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Cyclone Gita - Latest tracking places both main NZ islands at risk

Contributor:
Fuseworks Media
Fuseworks Media

Cyclone Gita remains a Severe Category 3 tropical storm as it moves into the northern Tasman Sea, although it is likely to drop to a Category 2 cyclone this afternoon or tonight.

Central air pressure has risen to 973hPa, well up from when it dropped to 927hPa as a Category 5 storm earlier in the week, but remains very deep and stormy for a low pressure system in the Tasman Sea.

Gita remains an intense ans serious storm with a huge amount of wind and rain around it - and a lot of tropical air. New Zealand is directly in the path of Cyclone Gita and today the models started to agree on where it might make landfall, but we still need more time to confirm things.

GFS (American modelling) has been picking a South Island landfall for days, while ECMWF (European) has been picking the western side of the North Island from Wellington and Taranaki to Waikato. Today both of these trusted global sources have gone with the upper north west corner of the South Island. Of course this isn't yet locked in and with the storm still at least three days away this could definitely still change. However it does highlight that both main islands of New Zealand are at risk from flooding and wind damage. In the coming days we expect this to still shift around a bit northwards and southwards as it fine tunes the data.

Tracking from the Joint Typhoon Warning Center (US Government) says the gales will be expanding as it reaches New Zealand with their map showing gales are possible from as far south as Dunedin to as far north as Taranaki even Waitomo and Central Plateau. Yesterday Auckland and Northland were also exposed to damaging winds. Where the low makes landfall will help forecasters work out where the severe weather will most likely be. We need to lock in landfall before we can lock in precise severe weather risks and regions affected.

Computer models today say Cyclone Gita will have Category 2 strength when it arrives in New Zealand.

Gita has started the southerly turn to New Zealand which will take all weekend to stop the westwards movement. It's now tracking WSW.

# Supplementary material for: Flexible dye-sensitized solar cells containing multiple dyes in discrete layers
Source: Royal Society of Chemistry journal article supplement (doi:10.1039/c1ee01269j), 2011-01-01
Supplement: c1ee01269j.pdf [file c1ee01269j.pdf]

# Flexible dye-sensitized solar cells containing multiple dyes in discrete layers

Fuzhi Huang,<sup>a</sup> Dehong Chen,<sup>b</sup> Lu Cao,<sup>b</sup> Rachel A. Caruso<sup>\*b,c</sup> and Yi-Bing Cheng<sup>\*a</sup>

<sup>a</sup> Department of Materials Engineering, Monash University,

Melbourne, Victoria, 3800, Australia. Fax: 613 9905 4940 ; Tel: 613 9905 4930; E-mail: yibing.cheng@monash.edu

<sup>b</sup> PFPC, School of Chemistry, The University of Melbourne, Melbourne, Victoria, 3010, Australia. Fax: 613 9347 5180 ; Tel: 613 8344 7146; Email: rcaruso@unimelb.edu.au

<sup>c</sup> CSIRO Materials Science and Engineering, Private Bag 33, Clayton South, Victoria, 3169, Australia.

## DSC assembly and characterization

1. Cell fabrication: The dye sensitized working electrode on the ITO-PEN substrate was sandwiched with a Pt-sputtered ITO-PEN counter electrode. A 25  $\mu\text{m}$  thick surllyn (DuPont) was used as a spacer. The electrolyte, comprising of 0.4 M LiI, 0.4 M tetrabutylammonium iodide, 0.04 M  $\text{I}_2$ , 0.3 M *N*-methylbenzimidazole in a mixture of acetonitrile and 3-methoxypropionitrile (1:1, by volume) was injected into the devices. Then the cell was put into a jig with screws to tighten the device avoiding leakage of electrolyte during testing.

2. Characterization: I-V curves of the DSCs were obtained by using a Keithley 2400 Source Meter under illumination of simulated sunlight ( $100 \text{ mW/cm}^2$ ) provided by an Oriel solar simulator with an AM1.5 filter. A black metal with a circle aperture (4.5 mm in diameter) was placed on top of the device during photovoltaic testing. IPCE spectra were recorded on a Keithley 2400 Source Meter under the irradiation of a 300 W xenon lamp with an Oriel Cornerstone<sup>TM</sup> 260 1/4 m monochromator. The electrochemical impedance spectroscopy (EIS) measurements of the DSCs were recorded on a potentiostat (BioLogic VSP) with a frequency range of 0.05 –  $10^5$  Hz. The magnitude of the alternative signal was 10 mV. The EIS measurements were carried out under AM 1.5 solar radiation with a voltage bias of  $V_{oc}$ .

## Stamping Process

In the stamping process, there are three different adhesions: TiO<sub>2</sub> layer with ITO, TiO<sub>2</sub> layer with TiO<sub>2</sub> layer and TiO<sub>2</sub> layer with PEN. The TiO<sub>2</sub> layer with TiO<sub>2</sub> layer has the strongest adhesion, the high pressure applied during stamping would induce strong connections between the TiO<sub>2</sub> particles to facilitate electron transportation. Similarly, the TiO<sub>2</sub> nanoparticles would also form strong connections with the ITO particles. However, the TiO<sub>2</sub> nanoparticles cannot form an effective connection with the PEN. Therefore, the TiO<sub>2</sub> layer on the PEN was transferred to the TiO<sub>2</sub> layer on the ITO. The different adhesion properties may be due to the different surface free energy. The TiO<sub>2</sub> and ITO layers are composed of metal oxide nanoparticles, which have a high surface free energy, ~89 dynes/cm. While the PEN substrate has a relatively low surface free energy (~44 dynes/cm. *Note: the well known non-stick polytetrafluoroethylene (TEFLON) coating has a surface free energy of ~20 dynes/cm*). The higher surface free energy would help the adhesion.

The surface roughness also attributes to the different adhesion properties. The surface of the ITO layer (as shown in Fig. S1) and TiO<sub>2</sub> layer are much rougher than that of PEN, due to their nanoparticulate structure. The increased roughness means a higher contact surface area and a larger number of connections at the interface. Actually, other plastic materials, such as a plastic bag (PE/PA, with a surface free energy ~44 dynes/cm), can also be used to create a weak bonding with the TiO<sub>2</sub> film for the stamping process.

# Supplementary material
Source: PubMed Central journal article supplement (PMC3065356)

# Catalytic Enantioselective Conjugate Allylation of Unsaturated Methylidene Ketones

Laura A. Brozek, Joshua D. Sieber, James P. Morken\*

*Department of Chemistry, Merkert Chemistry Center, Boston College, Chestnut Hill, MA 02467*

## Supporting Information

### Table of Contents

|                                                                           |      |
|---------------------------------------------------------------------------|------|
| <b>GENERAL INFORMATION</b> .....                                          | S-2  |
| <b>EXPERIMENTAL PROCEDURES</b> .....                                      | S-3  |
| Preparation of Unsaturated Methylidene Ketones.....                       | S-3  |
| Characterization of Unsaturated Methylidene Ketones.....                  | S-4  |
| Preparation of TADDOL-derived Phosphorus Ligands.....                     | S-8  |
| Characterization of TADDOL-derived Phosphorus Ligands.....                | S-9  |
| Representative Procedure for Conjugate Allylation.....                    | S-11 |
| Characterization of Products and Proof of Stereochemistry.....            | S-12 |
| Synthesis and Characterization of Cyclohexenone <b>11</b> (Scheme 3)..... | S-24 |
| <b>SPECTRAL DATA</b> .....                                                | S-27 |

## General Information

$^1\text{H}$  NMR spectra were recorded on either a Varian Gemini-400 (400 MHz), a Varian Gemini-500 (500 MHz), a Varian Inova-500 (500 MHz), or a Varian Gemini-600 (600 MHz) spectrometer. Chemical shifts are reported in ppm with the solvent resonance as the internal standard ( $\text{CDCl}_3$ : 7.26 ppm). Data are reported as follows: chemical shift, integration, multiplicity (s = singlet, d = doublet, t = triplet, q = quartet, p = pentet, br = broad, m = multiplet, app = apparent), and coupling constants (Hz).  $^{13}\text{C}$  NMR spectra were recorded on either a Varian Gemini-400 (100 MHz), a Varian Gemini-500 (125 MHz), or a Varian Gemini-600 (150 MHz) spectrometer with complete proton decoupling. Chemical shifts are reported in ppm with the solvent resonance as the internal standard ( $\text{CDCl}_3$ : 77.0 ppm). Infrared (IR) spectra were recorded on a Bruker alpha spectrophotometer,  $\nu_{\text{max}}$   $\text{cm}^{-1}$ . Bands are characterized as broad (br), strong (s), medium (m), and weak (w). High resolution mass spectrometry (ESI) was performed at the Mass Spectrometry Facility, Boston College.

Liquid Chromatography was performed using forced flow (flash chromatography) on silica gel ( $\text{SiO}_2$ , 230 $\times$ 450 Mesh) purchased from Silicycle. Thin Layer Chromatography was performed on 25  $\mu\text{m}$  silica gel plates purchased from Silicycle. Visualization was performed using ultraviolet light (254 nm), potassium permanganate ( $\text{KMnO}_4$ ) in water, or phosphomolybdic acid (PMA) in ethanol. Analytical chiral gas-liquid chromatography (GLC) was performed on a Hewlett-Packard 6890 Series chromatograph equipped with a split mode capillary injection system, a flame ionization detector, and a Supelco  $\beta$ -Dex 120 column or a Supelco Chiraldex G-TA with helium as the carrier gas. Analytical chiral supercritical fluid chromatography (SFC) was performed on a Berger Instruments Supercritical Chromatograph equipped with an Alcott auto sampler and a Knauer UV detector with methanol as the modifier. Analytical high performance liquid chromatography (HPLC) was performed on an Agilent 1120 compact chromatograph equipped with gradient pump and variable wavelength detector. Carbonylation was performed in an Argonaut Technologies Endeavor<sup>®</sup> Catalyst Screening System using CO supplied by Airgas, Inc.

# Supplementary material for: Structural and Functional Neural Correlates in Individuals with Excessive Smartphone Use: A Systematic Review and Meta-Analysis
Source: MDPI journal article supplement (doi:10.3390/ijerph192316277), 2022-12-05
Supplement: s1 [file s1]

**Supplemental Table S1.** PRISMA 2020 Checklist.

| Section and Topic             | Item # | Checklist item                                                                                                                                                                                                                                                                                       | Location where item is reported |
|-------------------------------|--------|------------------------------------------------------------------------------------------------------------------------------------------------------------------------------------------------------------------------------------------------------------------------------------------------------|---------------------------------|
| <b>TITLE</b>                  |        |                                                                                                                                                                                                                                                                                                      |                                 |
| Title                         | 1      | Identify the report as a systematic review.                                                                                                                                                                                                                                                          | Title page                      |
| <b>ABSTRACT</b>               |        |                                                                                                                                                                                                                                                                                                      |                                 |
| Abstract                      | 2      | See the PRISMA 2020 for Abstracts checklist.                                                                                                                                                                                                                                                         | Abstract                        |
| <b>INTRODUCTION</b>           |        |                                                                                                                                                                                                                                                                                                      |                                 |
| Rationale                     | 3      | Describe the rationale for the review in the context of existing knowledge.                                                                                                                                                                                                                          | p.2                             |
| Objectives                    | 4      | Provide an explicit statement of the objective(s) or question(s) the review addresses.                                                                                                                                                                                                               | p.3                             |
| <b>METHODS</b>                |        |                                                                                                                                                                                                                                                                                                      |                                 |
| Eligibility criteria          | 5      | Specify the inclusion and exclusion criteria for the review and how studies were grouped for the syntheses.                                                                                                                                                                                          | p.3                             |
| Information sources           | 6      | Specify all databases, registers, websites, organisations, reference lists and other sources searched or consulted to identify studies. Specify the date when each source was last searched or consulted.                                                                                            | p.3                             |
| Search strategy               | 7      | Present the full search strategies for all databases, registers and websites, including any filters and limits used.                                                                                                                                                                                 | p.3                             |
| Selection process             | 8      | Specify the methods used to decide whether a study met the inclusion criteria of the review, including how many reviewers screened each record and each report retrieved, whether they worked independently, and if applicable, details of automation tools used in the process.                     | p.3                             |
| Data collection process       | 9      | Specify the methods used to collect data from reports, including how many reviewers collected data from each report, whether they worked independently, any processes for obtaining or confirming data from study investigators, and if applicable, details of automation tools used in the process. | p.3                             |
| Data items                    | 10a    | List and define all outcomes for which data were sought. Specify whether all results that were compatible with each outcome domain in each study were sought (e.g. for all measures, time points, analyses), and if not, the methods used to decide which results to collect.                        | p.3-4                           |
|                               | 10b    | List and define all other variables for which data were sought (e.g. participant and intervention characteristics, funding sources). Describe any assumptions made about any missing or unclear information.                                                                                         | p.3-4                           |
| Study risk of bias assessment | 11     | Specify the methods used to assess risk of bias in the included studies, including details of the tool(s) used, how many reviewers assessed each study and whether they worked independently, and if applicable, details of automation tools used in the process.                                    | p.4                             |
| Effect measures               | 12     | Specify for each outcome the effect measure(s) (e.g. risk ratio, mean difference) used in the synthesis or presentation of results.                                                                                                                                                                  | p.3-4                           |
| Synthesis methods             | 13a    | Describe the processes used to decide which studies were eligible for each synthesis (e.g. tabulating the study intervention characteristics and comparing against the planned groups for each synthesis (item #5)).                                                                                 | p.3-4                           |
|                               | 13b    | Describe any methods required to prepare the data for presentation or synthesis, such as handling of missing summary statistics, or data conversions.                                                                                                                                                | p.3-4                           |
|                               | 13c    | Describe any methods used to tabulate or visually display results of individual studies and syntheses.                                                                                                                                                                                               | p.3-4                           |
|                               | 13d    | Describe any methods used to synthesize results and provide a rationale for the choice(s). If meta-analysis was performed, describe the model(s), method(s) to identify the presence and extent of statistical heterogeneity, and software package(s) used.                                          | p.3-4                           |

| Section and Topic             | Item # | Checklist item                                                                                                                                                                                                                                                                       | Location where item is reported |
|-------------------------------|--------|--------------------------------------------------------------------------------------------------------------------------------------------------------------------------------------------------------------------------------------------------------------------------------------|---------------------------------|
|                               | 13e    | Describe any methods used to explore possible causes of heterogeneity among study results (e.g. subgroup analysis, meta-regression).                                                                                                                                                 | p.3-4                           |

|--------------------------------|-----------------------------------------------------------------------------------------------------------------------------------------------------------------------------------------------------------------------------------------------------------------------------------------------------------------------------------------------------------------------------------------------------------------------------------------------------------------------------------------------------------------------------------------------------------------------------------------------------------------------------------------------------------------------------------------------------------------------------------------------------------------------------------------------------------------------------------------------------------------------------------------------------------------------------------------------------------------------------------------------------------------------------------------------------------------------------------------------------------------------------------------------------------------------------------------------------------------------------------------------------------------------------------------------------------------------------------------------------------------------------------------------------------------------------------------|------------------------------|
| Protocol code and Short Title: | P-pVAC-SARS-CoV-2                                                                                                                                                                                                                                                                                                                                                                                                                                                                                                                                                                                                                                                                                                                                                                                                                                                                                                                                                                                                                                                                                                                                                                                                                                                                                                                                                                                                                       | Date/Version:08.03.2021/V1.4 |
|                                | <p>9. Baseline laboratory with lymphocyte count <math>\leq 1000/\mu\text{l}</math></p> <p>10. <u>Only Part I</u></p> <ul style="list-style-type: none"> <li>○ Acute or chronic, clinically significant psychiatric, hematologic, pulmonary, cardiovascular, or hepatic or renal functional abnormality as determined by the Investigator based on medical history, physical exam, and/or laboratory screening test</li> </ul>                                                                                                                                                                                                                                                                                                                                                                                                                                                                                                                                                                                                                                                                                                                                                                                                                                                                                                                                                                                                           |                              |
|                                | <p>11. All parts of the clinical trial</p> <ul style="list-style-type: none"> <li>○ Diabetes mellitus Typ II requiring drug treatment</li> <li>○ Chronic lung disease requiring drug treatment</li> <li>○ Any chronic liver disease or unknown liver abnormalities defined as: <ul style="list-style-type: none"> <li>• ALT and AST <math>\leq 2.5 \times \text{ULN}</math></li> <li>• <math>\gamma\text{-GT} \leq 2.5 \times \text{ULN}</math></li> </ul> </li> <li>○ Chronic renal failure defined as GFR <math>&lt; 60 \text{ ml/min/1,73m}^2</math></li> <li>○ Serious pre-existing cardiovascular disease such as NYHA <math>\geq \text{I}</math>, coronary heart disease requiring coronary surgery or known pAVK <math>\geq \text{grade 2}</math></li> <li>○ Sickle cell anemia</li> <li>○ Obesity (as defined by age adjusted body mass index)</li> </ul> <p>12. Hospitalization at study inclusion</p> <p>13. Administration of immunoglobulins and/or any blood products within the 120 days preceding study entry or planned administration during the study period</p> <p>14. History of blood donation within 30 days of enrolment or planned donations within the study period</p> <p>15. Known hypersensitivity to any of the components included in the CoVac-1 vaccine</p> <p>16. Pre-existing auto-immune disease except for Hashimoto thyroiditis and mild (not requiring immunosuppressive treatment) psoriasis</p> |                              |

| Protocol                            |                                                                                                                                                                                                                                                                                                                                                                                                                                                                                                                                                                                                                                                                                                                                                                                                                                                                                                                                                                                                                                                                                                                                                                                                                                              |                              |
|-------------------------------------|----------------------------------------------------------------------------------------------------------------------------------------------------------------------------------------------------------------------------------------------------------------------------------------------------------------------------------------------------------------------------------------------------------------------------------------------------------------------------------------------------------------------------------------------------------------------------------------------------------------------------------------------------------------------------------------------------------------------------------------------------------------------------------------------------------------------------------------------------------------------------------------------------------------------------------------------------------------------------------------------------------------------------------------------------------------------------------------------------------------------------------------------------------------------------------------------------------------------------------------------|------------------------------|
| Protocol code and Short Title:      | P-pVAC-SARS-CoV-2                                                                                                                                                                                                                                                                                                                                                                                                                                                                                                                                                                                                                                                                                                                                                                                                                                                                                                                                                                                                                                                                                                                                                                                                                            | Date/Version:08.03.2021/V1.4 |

There remains a lot of uncertainty about where the severe weather will be but all this past week guidance has suggested the upper South Island could experience very heavy rain. Damaging winds could extend for hundreds of kilometres from the centre of Gita. Because of this central tracking through New Zealand it means there could be issues in both islands. Travel delays are also likely, from motorists to air travellers to those crossing Cook Strait. Expect cancellations of some services early to mid next week if Gita holds on to the strength it has.

The storm is expected to bring waves of 12 metres and higher near the centre which could lead to significant coastal damage and flooding where the centre of Gita comes in.

Due to so much uncertainty with the models it will most likely be until Monday before exact location of landfall is worked out. Certainly central New Zealand (upper half of the South Island and lower half of the North Island) appears to be at the greatest risk based on the past few days of various models - but this could still shift further north or south. We'll keep you posted on what the models are saying in the days ahead but all New Zealanders need to be watching this closely.

Both GFS and ECMWF models suggest Cyclone Gita will arrive on Tuesday afternoon and overnight into Wednesday morning. What happens at that point is still not locked in either. It's becomes a much more complicated low by the time it reaches New Zealand which is why there is still uncertainty.

- WeatherWatch.co.nz

- By head forecaster Philip Duncan.

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